Months after being released from an Egyptian jail, Mohamed Fahmy is adjusting to the life of an academic at the University of British Columbia, talking to students about his experiences as a journalist.
“It feels very inspiring that I’m actually lecturing students and getting feedback about various topics,” he said.
He has no shortage of things to talk about. Fahmy spent more than 400 days in prison on terrorism charges after an Egyptian court case that was the subject of broad international criticism.
Fahmy sat down with Global News to talk about his ordeal in Egypt and how he is working to ensure journalists around the world can ply their trade without fear of ending up in a jail cell.
‘The old waiter trick’: Fahmy on his arrest
Fahmy and two colleagues were arrested in Cairo in December 2013 while working for satellite news broadcaster Al Jazeera English and faced widely denounced charges.
“We were working at the Marriott five-star hotel in Egypt from a makeshift office,” he said. “My whole team had went home and I was the last one to leave the office as usual.
“Before I left, that knock came on the door. I looked through the door, it was the old waiter trick. I opened the door and then security forces barged in. They had no warrant, they didn’t say who they were. They were filming the whole raid and taking photographs, staging it basically. They broadcast it as this terrorist who is a member of the Muslim Brotherhood that has been designated as a terrorist group. It was a very intense situation, and it was reported internationally before we even got to the police station.”
‘A mock radio show’: How Fahmy survived in prison
Fahmy and his colleagues found themselves in an Egyptian prison alongside members of ISIS and al-Qaida.
“The conditions were horrific. There was no way of telling time, no way of knowing it was sun or night time. I wasn’t allowed out of my cell for a month, the food was horrible, the insects.”
In the early days, he relied on his journalism background to make prison life bearable.
“The only way I kept going was by initiating this mock radio show that me and my colleagues started in the terrorism wing. I was in solitary confinement, but there was a hatch in the door, a small hatch. I would look through the hatch and see the eyes and some of the face of the prisoners in other cells.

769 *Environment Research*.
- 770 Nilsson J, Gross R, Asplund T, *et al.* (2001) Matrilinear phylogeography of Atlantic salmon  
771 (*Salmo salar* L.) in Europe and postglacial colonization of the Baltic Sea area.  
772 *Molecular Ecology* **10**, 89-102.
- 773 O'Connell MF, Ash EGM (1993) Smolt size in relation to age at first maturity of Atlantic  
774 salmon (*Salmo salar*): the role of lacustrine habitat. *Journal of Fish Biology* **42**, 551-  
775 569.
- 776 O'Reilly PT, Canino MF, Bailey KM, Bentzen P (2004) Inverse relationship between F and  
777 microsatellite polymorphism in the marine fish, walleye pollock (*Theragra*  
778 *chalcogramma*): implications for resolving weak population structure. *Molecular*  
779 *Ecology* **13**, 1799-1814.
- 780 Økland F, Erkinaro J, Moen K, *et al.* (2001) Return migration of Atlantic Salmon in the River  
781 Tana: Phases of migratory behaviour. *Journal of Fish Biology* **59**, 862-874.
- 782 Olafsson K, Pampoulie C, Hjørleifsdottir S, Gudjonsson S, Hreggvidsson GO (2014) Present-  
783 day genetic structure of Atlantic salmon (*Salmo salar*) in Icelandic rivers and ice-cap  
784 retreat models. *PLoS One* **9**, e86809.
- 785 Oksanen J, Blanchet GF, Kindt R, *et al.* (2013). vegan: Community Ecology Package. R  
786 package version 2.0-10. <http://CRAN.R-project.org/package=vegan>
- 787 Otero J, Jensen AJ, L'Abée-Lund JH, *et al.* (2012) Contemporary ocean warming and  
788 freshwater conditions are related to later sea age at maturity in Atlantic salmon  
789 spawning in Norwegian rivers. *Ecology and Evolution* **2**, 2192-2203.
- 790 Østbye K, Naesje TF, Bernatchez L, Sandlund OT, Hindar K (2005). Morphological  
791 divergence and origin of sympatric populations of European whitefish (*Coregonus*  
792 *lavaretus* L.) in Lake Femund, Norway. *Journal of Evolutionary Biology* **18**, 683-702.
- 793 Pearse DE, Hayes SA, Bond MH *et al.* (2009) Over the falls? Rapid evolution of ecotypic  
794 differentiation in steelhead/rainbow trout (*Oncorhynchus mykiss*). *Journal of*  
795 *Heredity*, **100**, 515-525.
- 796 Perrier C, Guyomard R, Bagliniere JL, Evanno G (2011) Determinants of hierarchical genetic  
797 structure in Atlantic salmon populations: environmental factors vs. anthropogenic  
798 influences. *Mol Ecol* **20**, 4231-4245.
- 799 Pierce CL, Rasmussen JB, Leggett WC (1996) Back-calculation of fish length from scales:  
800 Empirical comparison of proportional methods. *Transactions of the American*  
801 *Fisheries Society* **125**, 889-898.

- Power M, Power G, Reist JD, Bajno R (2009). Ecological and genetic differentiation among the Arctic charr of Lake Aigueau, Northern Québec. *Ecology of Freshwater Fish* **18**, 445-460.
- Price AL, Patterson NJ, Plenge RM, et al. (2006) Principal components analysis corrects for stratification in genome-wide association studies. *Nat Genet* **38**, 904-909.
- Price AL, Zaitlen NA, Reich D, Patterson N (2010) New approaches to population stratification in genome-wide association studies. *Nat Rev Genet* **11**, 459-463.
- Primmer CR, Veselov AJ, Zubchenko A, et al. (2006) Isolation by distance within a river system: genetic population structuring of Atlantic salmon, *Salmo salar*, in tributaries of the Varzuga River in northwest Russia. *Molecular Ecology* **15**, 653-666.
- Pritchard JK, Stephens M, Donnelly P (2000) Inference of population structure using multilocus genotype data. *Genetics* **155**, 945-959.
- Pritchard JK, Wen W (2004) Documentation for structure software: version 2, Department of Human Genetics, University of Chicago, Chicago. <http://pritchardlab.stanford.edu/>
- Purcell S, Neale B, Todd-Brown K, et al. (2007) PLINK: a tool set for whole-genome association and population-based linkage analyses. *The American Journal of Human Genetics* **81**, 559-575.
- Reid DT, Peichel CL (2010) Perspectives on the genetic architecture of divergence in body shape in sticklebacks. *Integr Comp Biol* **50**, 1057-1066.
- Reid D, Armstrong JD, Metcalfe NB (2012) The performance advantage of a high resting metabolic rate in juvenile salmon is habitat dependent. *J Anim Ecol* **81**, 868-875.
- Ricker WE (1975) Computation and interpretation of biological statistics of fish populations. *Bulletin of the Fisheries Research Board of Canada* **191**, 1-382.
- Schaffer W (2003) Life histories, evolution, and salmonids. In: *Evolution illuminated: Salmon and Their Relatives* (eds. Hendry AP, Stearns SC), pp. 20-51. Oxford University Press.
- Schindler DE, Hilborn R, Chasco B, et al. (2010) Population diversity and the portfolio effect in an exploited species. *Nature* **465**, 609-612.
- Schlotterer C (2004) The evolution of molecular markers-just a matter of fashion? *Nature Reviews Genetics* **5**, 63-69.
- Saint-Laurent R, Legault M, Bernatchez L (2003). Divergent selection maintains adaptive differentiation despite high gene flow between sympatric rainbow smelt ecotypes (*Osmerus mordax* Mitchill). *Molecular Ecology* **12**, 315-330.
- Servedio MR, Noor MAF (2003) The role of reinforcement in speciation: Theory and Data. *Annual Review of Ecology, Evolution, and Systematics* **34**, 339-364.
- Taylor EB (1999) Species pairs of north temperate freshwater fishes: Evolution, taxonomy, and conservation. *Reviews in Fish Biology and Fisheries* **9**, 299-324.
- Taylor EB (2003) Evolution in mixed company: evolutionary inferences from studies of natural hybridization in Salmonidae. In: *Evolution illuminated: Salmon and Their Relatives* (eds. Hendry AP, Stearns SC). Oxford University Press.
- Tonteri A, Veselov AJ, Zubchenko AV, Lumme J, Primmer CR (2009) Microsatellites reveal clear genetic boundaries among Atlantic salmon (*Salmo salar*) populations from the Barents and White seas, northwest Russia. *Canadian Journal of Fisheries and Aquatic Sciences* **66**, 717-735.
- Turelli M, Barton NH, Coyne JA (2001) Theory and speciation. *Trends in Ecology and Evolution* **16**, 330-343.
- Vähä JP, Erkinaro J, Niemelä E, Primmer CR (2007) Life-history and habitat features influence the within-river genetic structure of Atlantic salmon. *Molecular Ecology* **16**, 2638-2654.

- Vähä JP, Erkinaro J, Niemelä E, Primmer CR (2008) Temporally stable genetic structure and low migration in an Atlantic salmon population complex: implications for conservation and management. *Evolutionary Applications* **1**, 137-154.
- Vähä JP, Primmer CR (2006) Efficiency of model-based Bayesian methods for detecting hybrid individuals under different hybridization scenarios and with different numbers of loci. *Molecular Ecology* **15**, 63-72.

“We would have a two- or three-hour mock talk show, and talk about poetry and interviewed them about their political stances and their religious ideas. And sometimes you would have people there who were with Bin Laden in the caves in Afghanistan, and it was very interesting to hear them talk and boast about this crazy man…the bars between us is what protected me.”
Fahmy and his colleagues were sentenced to seven years behind bars. During his time in jail, Fahmy remained confident that he would someday be free.
“I was uncertain, but in order to survive prison you’ve got to live on hope. I used escapism to daydream about walking the streets of Vancouver — the scenery, Stanley Park, food. Stuff that keeps you alive.
“To survive a situation like this, you need to step up your ego and show your enemies that you are stronger sometimes than you really are. I had to present myself as this person who will not be beaten.”
‘I’m a proud Egyptian. I am a proud Canadian’
Last year, he started the Fahmy Foundation to support journalists and prisoners of conscience unjustly imprisoned abroad.
He is also petitioning the Canadian government, saying more could have been done to help him.
“I’ve been working with Amnesty International and my lawyers on a charter to enshrine a new law that makes it an obligation for the Canadian government to provide consular services abroad,” he said.
He has also asked authorities in Egypt to restore the citizenship he renounced in hopes of regaining his freedom.
“It’s a matter of principle. I want to get back my Egyptian citizenship. I renounced it under coercion and advice from the Egyptians that I would be released and deported a year before I was actually released.
“Now is the time to get it back. I have property there, I have extended family there. I’m a proud Egyptian. I am a proud Canadian. I want my citizenship back. I applied for it and I will fight for it, and when I get it I’m going to make huge noise about it.”
– With files from Sonia Sunger and The Canadian Press